In the middle of last month, a conference on “St. Josemaría and Theological Thought” was held in Rome. Those attending analyzed how the preaching and testimony of the saints brings new lights for delving more deeply into the faith and, as a consequence, for deepening the theological exposition of doctrine. This symposium has provided a new opportunity to make more widely known, in the sphere of theology, the special nuances of the message our Father received from God on October 2, 1928, with the mission of transmitting it to Christians, especially those immersed in the family, professional, social, etc. activities of daily life.
During the past months, I have focused on the truths of faith contained in the articles of the Creed. Now I would like to help you, and to help myself, draw out consequences that will imbue our life with this virtue in the coming months; that is to say, to focus on how the faith has to be shown in our daily behavior, so that it will really illuminate our mind, strengthen our will, and enkindle our heart, in order to express the knowledge and love of God in our own conduct and bring it to all souls.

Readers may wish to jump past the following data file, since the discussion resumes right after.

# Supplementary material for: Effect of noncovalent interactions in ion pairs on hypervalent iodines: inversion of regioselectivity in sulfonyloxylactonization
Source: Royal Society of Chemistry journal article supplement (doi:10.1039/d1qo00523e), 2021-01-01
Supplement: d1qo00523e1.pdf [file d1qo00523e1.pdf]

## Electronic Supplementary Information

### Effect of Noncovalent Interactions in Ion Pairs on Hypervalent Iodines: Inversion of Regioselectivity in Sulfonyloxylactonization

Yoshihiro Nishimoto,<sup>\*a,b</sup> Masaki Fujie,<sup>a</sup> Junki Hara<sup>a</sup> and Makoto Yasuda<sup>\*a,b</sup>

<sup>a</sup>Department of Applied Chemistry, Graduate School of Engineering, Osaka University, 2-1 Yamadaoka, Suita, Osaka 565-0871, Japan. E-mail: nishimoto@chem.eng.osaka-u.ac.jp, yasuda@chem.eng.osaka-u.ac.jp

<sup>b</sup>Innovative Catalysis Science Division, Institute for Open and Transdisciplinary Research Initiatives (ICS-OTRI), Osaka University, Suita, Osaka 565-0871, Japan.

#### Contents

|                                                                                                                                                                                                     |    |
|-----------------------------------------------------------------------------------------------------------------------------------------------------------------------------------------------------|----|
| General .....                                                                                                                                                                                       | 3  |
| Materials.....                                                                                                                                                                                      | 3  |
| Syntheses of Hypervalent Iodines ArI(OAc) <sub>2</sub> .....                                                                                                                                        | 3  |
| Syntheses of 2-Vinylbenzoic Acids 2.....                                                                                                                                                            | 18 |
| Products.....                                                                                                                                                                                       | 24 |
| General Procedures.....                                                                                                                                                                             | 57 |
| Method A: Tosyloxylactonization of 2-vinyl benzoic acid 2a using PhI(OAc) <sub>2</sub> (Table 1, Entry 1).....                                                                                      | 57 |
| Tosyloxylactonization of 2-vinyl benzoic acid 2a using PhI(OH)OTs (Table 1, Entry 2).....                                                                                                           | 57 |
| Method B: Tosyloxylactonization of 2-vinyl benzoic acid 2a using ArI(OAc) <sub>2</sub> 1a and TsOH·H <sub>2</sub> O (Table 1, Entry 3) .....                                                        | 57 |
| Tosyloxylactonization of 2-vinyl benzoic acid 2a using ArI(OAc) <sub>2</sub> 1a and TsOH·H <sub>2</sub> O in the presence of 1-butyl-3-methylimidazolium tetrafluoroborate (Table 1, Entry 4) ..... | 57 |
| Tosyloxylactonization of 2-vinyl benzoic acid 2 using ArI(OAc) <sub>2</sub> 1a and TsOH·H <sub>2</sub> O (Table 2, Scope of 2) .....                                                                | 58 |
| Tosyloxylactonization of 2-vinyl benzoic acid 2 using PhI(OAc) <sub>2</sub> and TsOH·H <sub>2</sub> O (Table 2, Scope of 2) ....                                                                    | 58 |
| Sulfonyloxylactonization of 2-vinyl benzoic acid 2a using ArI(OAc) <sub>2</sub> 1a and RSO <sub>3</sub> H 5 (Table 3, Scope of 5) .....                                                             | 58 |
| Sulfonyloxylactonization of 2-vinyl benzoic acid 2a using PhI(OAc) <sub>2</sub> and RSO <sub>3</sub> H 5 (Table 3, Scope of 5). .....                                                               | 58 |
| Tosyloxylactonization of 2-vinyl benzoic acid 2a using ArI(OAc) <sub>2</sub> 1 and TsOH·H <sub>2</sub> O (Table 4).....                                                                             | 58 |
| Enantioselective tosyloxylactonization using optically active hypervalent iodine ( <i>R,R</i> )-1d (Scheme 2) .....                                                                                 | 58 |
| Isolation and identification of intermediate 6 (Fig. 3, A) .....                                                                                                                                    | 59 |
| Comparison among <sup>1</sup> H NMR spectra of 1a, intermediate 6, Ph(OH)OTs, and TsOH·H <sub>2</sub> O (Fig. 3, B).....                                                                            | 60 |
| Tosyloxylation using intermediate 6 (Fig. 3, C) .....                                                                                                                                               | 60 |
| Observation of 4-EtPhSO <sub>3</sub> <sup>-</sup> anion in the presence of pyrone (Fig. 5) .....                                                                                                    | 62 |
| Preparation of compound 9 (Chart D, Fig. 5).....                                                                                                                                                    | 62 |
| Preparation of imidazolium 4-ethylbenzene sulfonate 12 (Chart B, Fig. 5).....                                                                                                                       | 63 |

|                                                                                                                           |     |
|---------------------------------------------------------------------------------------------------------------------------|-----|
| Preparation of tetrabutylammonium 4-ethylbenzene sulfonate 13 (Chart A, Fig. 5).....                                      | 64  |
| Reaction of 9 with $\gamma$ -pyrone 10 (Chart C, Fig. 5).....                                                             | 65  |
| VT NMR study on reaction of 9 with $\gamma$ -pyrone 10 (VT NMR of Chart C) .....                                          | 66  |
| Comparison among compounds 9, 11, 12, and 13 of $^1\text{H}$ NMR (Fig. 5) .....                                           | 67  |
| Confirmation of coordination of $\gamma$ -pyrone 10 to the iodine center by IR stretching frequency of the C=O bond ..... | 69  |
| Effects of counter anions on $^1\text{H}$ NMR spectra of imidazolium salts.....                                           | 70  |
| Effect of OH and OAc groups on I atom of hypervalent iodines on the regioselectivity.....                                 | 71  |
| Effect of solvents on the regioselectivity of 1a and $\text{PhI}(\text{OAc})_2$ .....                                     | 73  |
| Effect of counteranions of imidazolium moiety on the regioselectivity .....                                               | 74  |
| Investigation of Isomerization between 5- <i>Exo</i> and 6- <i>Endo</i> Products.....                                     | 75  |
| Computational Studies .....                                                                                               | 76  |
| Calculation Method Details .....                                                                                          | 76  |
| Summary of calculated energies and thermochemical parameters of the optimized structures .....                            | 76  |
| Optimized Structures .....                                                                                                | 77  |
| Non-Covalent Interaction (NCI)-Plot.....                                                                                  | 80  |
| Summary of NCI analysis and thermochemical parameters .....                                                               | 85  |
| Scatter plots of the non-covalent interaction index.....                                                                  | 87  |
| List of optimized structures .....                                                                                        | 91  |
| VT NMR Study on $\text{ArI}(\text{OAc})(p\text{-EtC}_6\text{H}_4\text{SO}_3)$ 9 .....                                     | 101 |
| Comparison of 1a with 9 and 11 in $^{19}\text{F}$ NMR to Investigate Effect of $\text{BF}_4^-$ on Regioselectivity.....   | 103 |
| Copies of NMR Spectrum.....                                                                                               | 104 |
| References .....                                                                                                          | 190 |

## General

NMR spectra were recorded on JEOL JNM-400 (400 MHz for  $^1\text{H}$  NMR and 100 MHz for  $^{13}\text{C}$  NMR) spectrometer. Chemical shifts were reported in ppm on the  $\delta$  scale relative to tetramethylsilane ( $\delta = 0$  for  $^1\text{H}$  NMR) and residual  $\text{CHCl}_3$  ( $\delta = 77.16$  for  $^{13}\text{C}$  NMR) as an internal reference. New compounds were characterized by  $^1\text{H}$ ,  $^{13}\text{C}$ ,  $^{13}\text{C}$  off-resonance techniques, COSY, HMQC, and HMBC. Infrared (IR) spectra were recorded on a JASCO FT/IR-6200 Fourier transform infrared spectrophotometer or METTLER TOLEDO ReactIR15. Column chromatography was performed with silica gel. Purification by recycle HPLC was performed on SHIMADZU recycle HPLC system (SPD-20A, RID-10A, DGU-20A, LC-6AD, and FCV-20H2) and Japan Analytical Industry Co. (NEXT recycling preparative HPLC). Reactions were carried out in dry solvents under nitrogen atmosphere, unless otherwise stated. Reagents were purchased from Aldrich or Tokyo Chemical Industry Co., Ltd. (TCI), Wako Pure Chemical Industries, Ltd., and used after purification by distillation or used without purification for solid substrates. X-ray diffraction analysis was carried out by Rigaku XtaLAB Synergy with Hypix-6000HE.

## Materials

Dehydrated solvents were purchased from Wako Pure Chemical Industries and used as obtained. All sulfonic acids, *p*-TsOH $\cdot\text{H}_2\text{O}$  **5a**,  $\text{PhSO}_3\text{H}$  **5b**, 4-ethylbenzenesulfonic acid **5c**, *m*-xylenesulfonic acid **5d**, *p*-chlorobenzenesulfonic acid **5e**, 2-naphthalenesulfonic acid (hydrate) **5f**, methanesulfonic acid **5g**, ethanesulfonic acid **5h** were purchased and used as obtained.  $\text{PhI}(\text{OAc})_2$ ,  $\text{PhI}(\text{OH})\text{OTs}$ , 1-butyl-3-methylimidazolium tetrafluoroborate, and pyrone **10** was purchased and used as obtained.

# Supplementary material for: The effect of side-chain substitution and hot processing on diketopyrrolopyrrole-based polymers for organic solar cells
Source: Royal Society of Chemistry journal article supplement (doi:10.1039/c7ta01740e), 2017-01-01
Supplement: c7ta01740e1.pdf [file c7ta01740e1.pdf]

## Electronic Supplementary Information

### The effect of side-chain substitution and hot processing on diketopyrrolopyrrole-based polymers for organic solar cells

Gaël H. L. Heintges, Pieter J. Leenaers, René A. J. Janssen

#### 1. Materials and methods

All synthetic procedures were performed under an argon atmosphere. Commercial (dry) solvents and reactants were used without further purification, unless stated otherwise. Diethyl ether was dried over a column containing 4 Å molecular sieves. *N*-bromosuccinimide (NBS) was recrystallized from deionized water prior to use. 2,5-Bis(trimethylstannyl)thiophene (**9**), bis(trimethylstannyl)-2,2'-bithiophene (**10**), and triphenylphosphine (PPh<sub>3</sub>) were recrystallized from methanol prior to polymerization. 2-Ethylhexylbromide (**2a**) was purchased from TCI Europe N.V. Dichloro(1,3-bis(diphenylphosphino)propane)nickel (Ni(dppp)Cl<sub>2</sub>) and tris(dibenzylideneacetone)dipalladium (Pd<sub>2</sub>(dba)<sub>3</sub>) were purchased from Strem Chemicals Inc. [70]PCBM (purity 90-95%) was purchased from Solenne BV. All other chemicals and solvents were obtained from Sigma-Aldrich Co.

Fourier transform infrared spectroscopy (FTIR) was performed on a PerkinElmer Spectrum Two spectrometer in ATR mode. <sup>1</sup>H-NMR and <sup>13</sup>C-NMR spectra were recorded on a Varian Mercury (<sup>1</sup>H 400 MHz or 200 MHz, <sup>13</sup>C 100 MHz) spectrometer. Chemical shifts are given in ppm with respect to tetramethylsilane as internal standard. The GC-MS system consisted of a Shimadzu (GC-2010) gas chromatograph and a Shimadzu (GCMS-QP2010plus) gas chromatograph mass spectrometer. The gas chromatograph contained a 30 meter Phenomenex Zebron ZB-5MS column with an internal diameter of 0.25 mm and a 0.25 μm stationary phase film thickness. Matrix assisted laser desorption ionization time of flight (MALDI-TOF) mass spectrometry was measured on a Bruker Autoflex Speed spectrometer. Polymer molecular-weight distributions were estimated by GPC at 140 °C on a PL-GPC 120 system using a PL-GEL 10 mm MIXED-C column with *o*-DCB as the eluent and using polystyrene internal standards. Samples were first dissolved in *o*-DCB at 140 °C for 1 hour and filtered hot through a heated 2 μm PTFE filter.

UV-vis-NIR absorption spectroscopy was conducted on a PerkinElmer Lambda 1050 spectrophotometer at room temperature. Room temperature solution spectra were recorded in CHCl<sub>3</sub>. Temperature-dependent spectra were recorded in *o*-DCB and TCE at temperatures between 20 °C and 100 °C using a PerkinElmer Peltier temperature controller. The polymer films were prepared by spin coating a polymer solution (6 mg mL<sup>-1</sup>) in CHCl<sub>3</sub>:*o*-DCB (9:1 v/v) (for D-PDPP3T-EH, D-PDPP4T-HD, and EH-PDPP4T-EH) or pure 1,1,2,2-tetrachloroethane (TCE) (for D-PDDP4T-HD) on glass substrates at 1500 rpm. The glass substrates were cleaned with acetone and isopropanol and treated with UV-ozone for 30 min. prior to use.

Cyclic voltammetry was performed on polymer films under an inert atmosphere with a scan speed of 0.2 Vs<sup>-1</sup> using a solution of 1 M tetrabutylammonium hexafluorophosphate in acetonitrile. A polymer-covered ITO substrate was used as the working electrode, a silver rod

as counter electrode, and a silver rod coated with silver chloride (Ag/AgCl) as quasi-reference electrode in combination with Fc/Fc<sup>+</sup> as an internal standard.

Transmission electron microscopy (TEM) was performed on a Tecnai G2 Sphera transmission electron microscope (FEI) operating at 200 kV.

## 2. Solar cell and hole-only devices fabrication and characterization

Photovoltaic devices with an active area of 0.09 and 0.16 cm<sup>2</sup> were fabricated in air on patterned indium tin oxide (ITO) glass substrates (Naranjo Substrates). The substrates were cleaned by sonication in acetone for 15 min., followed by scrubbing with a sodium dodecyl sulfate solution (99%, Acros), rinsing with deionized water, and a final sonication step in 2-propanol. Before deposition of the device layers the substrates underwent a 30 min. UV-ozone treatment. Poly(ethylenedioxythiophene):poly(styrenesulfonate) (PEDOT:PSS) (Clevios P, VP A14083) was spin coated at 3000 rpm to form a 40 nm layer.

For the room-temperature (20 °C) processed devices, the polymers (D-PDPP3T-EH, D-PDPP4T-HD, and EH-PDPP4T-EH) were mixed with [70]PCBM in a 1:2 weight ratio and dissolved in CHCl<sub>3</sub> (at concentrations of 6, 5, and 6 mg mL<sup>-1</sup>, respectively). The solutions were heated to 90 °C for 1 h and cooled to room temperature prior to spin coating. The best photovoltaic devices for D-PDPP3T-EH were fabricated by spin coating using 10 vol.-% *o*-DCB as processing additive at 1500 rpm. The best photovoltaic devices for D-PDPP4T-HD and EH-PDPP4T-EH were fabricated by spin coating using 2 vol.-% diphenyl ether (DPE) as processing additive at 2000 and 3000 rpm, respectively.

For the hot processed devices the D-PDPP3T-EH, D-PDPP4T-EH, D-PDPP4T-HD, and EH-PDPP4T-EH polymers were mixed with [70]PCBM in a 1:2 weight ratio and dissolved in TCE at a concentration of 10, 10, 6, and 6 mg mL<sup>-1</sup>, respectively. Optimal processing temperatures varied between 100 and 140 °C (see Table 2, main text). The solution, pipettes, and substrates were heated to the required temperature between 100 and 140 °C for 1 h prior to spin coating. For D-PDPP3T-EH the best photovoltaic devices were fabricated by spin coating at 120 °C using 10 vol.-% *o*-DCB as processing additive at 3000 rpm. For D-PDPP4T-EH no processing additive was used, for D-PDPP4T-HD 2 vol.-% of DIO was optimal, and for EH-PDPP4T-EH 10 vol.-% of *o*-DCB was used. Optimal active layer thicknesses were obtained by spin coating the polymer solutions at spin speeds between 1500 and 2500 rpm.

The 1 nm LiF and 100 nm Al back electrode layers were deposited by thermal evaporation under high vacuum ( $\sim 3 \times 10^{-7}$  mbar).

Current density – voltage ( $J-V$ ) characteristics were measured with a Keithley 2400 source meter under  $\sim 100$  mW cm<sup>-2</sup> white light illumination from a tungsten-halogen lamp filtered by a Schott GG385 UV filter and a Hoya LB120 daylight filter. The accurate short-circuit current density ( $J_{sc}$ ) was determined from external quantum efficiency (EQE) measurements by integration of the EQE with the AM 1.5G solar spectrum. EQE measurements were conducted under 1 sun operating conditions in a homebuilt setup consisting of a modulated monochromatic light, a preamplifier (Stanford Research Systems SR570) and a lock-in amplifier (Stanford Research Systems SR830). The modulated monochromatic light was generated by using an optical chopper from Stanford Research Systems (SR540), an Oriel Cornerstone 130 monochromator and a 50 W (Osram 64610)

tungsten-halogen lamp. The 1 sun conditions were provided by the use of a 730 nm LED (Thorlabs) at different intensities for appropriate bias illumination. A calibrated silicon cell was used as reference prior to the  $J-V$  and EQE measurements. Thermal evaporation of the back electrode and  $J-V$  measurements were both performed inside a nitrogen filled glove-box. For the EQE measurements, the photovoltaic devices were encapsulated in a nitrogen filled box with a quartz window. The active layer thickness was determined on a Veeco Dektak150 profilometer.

The starting point is a complete trust that in the Church we possess the fullness of the means of sanctification that Jesus left us. These include especially the reception of the sacraments, the fulfillment of the commandments of God and of the Church, and prayer, as the encyclical Lumen Fidei makes clear.